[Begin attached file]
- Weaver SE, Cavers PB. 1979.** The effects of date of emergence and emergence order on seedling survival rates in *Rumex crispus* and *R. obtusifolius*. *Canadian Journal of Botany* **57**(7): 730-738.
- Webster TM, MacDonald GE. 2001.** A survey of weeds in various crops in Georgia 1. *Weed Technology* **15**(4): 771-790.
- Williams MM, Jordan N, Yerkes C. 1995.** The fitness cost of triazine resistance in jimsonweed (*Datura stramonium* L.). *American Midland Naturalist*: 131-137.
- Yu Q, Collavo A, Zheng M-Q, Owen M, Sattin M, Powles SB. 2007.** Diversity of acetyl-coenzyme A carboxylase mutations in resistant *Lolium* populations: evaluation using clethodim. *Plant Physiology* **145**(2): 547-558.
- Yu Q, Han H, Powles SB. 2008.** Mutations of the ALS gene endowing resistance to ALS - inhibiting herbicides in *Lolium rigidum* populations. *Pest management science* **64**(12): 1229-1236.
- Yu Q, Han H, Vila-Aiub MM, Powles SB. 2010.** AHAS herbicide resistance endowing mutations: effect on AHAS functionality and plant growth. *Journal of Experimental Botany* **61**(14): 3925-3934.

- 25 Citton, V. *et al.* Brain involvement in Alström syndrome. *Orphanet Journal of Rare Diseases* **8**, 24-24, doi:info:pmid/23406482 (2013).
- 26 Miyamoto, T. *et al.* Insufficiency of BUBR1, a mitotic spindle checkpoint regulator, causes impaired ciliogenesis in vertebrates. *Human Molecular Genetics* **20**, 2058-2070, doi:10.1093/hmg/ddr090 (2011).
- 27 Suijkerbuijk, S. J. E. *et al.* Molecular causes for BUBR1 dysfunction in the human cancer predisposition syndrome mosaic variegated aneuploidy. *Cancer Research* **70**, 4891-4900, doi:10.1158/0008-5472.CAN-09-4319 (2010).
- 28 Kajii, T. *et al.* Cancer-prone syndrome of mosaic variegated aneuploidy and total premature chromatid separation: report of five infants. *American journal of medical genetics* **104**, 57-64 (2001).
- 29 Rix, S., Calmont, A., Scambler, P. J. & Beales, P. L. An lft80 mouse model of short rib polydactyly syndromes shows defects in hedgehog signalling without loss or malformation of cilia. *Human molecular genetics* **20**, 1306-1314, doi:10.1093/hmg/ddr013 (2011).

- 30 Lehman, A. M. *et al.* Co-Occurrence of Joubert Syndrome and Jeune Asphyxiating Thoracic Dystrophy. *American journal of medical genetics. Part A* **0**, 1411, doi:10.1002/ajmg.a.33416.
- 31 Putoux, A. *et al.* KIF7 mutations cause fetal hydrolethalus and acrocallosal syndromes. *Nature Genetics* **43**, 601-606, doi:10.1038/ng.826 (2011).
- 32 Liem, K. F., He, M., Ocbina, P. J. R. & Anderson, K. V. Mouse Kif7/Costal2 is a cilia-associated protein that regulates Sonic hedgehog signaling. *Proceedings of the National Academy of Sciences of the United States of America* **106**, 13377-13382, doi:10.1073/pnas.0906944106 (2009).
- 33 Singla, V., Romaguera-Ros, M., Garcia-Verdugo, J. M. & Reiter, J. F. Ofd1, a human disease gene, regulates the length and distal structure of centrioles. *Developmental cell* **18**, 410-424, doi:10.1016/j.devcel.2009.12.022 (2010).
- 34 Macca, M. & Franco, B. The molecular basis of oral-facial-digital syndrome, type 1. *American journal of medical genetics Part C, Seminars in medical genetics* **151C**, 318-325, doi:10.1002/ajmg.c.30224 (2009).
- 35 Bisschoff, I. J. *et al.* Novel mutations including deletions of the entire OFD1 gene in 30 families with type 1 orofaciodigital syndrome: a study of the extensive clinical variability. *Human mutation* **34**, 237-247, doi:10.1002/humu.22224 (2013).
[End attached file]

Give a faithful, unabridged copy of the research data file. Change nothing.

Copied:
- Weaver SE, Cavers PB. 1979.** The effects of date of emergence and emergence order on seedling survival rates in *Rumex crispus* and *R. obtusifolius*. *Canadian Journal of Botany* **57**(7): 730-738.
- Webster TM, MacDonald GE. 2001.** A survey of weeds in various crops in Georgia 1. *Weed Technology* **15**(4): 771-790.
- Williams MM, Jordan N, Yerkes C. 1995.** The fitness cost of triazine resistance in jimsonweed (*Datura stramonium* L.). *American Midland Naturalist*: 131-137.
- Yu Q, Collavo A, Zheng M-Q, Owen M, Sattin M, Powles SB. 2007.** Diversity of acetyl-coenzyme A carboxylase mutations in resistant *Lolium* populations: evaluation using clethodim. *Plant Physiology* **145**(2): 547-558.
- Yu Q, Han H, Powles SB. 2008.** Mutations of the ALS gene endowing resistance to ALS - inhibiting herbicides in *Lolium rigidum* populations. *Pest management science* **64**(12): 1229-1236.
- Yu Q, Han H, Vila-Aiub MM, Powles SB. 2010.** AHAS herbicide resistance endowing mutations: effect on AHAS functionality and plant growth. *Journal of Experimental Botany* **61**(14): 3925-3934.

- 25 Citton, V. *et al.* Brain involvement in Alström syndrome. *Orphanet Journal of Rare Diseases* **8**, 24-24, doi:info:pmid/23406482 (2013).
- 26 Miyamoto, T. *et al.* Insufficiency of BUBR1, a mitotic spindle checkpoint regulator, causes impaired ciliogenesis in vertebrates. *Human Molecular Genetics* **20**, 2058-2070, doi:10.1093/hmg/ddr090 (2011).
- 27 Suijkerbuijk, S. J. E. *et al.* Molecular causes for BUBR1 dysfunction in the human cancer predisposition syndrome mosaic variegated aneuploidy. *Cancer Research* **70**, 4891-4900, doi:10.1158/0008-5472.CAN-09-4319 (2010).
- 28 Kajii, T. *et al.* Cancer-prone syndrome of mosaic variegated aneuploidy and total premature chromatid separation: report of five infants. *American journal of medical genetics* **104**, 57-64 (2001).
- 29 Rix, S., Calmont, A., Scambler, P. J. & Beales, P. L. An lft80 mouse model of short rib polydactyly syndromes shows defects in hedgehog signalling without loss or malformation of cilia. *Human molecular genetics* **20**, 1306-1314, doi:10.1093/hmg/ddr013 (2011).

- 30 Lehman, A. M. *et al.* Co-Occurrence of Joubert Syndrome and Jeune Asphyxiating Thoracic Dystrophy. *American journal of medical genetics. Part A* **0**, 1411, doi:10.1002/ajmg.a.33416.
- 31 Putoux, A. *et al.* KIF7 mutations cause fetal hydrolethalus and acrocallosal syndromes. *Nature Genetics* **43**, 601-606, doi:10.1038/ng.826 (2011).
- 32 Liem, K. F., He, M., Ocbina, P. J. R. & Anderson, K. V. Mouse Kif7/Costal2 is a cilia-associated protein that regulates Sonic hedgehog signaling. *Proceedings of the National Academy of Sciences of the United States of America* **106**, 13377-13382, doi:10.1073/pnas.0906944106 (2009).
- 33 Singla, V., Romaguera-Ros, M., Garcia-Verdugo, J. M. & Reiter, J. F. Ofd1, a human disease gene, regulates the length and distal structure of centrioles. *Developmental cell* **18**, 410-424, doi:10.1016/j.devcel.2009.12.022 (2010).
- 34 Macca, M. & Franco, B. The molecular basis of oral-facial-digital syndrome, type 1. *American journal of medical genetics Part C, Seminars in medical genetics* **151C**, 318-325, doi:10.1002/ajmg.c.30224 (2009).
- 35 Bisschoff, I. J. *et al.* Novel mutations including deletions of the entire OFD1 gene in 30 families with type 1 orofaciodigital syndrome: a study of the extensive clinical variability. *Human mutation* **34**, 237-247, doi:10.1002/humu.22224 (2013).